The term “narcissist” is commonly misapplied. Too often, the label is used to describe persons that trigger upsetting emotions in us at home or work, for example, those we judge as intense or demanding, easily frustrated or angered, and so on, or persons we judge as over-focused on looks or success, seeking attention or the spotlight.
These and other traits add confusion to identifying narcissism, as does the use of terminology such as “healthy narcissism” by several well meaning authors and researchers.
(The notion of “healthy narcissism” is an oxymoron at best! We do not need a new term to describe the best of what it means to be human — among other things, empathic, caring, nurturing, kind, honest, compassionate, and so on!)
Notably, narcissists have everything to gain when confusion rules. They are not only experts at orchestrating confusion by obfuscating truth with lies and half-truths and so on, the specific methods they use are scientifically proven by decades of research to neutralize the otherwise amazing critical thinking ability of the human brain’s frontal cortex.
By definition narcissism is an addiction, a compulsive craving to prove superiority and dominance by destroying another human being’s sense of self and worth, hope and belief in themselves and own innate human strengths, for the purpose of exploiting them for own gain, pleasure and interests.
Inflicting pain, in the mind of narcissists and psychopaths, is how they prove they’re not what they detest — that is, human. And thus, they feel no empathy or remorse for the harm they inflict on a victim’s sense of self and agency, or the chaos and disconnect and isolation they orchestrate on a victim’s network of family and friends to block them from any nourishment from critical persons who’ve been sources of love and support, more often a parent, but also certain activities such as a job, career, education, etc.
The ultimate goal? To get their prey to “willingly” participate in their own abuse and exploitation, and serve at the narcissist’s pleasure in a slavish and subservient manner.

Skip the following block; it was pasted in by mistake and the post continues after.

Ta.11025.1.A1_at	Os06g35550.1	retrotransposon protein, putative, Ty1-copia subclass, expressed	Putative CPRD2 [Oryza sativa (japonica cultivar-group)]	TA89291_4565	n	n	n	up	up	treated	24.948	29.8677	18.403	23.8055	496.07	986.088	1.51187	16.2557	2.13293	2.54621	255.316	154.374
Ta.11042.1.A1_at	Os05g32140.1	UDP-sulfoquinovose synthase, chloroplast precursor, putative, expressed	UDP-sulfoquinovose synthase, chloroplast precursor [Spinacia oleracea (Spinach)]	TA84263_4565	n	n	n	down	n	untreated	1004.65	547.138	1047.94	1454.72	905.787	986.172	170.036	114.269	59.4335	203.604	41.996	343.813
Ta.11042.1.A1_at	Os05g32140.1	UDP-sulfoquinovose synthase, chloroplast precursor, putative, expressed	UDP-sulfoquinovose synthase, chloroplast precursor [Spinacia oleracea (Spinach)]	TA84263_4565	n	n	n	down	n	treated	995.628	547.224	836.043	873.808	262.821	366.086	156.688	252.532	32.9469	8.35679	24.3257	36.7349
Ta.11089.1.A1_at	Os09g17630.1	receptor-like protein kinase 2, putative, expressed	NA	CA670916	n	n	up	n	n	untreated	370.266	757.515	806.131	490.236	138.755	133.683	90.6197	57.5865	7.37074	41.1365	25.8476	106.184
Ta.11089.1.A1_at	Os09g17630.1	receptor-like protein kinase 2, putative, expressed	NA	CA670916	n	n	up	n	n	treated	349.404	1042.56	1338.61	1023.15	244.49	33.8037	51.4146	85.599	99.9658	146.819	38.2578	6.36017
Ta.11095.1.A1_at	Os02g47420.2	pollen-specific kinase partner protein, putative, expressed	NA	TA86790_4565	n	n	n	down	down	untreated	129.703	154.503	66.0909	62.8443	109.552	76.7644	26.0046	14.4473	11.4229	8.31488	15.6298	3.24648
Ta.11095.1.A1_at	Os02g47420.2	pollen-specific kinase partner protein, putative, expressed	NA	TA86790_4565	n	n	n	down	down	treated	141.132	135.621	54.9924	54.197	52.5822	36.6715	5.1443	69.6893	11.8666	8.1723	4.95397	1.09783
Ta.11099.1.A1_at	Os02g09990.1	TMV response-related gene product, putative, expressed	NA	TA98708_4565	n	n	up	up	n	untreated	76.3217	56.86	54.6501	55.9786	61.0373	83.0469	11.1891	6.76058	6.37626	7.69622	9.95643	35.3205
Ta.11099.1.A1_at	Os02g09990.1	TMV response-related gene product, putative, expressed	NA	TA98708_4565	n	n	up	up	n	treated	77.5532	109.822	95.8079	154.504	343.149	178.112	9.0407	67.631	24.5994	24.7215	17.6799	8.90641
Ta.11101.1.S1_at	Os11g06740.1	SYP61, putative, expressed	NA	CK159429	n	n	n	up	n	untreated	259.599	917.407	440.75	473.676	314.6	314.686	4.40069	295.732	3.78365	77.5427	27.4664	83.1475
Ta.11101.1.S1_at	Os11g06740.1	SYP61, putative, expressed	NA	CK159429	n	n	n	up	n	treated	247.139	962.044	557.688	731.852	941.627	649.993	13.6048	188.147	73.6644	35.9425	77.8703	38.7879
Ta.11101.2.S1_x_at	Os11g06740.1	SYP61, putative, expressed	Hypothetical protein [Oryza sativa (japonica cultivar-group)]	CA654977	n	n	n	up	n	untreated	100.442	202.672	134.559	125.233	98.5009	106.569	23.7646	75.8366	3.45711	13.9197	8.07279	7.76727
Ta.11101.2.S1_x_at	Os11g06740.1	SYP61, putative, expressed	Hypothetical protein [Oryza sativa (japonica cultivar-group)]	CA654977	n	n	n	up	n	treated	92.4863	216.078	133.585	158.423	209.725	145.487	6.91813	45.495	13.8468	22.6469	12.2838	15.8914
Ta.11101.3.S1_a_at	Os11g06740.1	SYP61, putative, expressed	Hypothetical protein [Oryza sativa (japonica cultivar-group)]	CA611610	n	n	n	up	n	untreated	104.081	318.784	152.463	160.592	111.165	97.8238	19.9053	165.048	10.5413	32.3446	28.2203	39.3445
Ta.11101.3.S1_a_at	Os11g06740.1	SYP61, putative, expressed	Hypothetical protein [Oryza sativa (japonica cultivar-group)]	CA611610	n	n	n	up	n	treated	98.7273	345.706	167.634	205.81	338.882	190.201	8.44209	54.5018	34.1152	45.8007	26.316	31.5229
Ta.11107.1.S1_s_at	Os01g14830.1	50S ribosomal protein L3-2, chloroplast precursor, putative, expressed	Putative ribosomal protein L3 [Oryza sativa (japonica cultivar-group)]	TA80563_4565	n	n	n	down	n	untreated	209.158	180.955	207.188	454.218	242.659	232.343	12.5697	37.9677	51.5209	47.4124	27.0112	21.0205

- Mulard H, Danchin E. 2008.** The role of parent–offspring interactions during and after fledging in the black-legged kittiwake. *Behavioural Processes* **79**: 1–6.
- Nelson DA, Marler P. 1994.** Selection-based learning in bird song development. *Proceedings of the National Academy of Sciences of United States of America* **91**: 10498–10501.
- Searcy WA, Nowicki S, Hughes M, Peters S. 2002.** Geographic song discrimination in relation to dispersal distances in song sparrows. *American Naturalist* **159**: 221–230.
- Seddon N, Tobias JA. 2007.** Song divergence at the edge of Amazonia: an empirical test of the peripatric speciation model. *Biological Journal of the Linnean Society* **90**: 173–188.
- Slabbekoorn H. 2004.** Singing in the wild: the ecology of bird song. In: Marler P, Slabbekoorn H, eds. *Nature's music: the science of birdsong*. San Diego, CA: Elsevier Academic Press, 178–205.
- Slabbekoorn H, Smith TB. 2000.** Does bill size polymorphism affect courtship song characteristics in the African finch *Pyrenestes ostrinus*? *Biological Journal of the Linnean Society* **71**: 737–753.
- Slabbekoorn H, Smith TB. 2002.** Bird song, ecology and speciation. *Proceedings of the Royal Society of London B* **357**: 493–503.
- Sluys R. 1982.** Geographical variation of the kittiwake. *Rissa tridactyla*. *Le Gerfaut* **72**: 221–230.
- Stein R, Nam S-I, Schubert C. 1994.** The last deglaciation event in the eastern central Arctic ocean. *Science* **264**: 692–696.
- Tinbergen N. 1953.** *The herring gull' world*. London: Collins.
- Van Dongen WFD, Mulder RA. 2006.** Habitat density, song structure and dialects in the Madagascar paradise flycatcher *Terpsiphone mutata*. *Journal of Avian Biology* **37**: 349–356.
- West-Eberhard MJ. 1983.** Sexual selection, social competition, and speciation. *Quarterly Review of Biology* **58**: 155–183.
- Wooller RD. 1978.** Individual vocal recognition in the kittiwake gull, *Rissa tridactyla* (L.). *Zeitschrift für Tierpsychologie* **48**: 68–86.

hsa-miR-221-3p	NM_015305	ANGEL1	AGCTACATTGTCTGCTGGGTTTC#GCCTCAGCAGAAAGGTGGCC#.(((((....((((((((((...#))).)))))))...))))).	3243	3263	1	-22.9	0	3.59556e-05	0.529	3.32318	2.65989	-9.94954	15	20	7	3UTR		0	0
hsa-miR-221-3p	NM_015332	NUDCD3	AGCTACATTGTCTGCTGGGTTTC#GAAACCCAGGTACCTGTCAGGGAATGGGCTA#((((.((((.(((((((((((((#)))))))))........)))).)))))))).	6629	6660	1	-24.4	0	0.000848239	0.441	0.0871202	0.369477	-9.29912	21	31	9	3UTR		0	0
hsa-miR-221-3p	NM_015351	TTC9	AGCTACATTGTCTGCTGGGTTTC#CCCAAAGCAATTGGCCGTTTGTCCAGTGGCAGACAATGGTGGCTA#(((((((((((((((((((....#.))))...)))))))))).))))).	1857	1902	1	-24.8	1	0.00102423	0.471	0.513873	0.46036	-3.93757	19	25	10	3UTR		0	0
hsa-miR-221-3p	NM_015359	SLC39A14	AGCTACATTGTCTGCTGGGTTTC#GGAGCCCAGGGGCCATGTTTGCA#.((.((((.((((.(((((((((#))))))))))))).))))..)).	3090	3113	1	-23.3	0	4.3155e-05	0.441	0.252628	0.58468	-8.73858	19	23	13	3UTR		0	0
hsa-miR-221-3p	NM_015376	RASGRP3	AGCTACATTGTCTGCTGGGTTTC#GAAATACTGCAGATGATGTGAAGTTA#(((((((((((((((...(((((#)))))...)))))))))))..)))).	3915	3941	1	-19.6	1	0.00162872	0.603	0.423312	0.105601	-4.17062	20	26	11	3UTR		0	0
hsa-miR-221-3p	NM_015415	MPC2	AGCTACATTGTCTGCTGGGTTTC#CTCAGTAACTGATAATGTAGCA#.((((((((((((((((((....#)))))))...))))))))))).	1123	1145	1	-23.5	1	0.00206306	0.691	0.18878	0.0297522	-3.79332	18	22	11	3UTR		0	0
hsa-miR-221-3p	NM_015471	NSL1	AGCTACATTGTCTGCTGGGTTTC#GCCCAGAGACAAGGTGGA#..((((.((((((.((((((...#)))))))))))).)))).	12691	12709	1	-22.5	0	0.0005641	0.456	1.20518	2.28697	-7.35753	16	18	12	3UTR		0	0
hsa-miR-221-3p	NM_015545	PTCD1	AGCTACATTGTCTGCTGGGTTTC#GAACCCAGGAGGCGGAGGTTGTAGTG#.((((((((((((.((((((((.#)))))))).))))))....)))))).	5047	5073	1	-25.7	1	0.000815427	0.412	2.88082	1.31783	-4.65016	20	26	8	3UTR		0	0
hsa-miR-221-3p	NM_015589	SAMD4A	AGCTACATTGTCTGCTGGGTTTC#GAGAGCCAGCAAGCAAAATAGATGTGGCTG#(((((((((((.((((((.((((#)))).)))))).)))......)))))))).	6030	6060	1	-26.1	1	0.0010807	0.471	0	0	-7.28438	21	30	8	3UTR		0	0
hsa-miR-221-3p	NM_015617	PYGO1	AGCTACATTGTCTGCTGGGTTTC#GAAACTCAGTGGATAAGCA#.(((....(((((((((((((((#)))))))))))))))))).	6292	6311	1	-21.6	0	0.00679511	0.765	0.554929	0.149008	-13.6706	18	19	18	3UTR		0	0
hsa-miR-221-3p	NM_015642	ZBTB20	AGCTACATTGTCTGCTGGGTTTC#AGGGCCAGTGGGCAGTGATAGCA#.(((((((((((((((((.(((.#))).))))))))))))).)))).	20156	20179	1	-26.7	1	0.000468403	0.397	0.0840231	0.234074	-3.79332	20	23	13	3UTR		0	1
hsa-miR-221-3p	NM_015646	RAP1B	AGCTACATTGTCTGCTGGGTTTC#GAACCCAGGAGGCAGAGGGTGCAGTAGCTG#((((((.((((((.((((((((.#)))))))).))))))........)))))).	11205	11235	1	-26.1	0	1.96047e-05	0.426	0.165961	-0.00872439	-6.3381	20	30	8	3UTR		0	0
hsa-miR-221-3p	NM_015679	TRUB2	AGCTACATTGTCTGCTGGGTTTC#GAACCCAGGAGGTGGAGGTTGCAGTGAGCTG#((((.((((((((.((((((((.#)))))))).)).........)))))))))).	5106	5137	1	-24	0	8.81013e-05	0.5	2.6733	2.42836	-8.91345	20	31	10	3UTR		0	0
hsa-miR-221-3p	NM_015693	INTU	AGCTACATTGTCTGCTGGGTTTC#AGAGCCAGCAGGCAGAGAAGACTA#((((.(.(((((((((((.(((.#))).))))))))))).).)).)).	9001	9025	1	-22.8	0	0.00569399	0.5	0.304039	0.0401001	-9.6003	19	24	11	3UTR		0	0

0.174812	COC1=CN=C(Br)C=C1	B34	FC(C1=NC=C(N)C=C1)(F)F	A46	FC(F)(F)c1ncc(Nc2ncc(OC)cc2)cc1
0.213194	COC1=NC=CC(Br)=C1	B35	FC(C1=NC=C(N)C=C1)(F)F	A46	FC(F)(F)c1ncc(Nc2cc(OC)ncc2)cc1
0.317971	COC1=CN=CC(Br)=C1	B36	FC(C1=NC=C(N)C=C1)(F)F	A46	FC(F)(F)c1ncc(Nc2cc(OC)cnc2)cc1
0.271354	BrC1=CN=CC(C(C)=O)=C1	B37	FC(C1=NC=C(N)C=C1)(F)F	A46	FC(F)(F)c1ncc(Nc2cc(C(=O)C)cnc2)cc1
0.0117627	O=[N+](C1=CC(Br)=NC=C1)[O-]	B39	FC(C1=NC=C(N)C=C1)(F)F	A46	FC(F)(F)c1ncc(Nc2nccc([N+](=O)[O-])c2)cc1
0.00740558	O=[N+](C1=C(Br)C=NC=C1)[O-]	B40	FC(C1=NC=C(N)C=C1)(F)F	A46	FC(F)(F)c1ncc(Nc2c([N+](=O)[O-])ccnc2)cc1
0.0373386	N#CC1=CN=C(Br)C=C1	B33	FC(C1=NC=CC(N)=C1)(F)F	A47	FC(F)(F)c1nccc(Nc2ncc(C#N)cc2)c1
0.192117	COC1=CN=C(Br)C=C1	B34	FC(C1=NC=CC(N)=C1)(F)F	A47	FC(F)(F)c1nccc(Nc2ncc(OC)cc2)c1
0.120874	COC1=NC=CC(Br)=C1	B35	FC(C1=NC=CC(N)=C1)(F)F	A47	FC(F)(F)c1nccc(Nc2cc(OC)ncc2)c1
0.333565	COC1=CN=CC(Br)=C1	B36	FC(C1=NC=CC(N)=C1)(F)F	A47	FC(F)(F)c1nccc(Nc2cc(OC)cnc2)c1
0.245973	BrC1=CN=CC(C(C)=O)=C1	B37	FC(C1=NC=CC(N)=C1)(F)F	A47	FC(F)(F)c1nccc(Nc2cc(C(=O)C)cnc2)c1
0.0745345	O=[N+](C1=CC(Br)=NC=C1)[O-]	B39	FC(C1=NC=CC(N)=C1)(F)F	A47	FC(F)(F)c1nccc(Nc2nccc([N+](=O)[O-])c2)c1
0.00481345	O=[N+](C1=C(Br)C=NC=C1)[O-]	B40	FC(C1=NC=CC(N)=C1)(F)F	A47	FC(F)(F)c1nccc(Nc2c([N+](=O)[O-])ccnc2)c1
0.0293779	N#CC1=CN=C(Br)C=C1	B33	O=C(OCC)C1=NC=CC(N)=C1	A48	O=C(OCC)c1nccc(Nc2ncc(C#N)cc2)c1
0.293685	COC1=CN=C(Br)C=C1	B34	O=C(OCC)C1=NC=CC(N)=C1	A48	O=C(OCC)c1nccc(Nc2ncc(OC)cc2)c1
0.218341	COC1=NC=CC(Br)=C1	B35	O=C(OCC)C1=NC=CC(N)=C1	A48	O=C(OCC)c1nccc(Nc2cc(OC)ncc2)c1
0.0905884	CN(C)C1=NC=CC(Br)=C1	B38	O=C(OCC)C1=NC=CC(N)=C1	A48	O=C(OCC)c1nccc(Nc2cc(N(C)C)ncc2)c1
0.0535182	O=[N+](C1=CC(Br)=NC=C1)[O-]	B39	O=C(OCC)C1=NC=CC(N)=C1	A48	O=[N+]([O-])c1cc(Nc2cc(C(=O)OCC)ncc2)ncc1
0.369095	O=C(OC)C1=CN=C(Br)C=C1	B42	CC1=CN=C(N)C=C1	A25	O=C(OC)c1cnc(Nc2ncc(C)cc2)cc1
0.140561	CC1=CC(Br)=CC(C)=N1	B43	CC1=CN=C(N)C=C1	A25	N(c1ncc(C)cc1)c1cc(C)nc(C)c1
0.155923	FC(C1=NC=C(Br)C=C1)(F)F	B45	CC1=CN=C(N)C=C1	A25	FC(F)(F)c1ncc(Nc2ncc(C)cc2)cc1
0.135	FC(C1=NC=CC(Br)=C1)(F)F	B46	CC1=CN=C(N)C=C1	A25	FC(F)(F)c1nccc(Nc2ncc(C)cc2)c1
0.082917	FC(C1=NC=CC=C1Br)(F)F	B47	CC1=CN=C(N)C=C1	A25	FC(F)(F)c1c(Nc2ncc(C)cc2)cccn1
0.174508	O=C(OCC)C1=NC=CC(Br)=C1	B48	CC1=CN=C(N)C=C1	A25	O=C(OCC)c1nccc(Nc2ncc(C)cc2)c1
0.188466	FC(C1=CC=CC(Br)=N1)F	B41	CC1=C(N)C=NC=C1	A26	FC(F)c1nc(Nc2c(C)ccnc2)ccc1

The label of narcissist is best reserved for those that meet the diagnostic criteria. It refers to a serious thought disturbance, a character disorder that consists of a set of behaviors that meet the DSM criteria for either narcissistic personality disorder (NPD) — or its more extreme expression, antisocial personality disorder (APD), also known as psychopathology or sociopathology.
Notably, what makes these two disorders distinct from others listed in the DSM is that:
NPDs and APDs pose risks of (intentional) harm to others’ physical, mental and, or emotional well being, ranging on a scale from low to high, respectively.
Like addicts, inflicting pain to prove their dominance and superiority over victims is an NPDs or APDs drug of choice. They are hooked on this type of power. It’s what forms, and makes their false-self egos so fragile; and what makes them dangerous to others.
There are other overarching reasons to consider before using the label. Namely that, whereas most NPDs and nearly all APDs are male, the most frequent misapplication of the label of narcissist is to women. Coincidence? Likely not.
In any case, this should give us pause before using the label on women in particular to thoughtfully consider the reasons women are often vulnerable to being mislabeled narcissists. To be continued in Part 2.
**Note to readers:
This blog is not saying female narcissists do not exist. They do. They are however far fewer in number. The reason for this is obvious in the opinion of this author, examining the last five decades of research on socialized constructs and traditional gender roles. In other words, narcissism has little to do with biological gender differences — and more to do with how oligarchic societies idealize, and intensely socialize men to adopt narcissism as a masculine ideal, and women codependency (or empath) as a feminine ideal.
This socialization varies mostly in degree of pressure to conform. In cults and families organized to rigidly adhere to authoritarian relations, conformity to toxic ideals masculinity is greater. The evidence for this is well documented in scholarly literature since the 1970s, as is the enduring, traumatic effects of childhood experiencing and, or witnessing misogynist mistreatment of women and children, domestic violence and overall subjugation of those members identified as “weak” by those identified as “superior.”
With regard to female narcissists, more studies are needed. Like their male counterparts, female narcissists, in this therapist’s experience, appear to identify and adopt the ideals for toxic masculinity. This therapist has also noted overall differences however, mostly with regard to emphasis and value placed on relationships. In any case, more research is necessary in this area.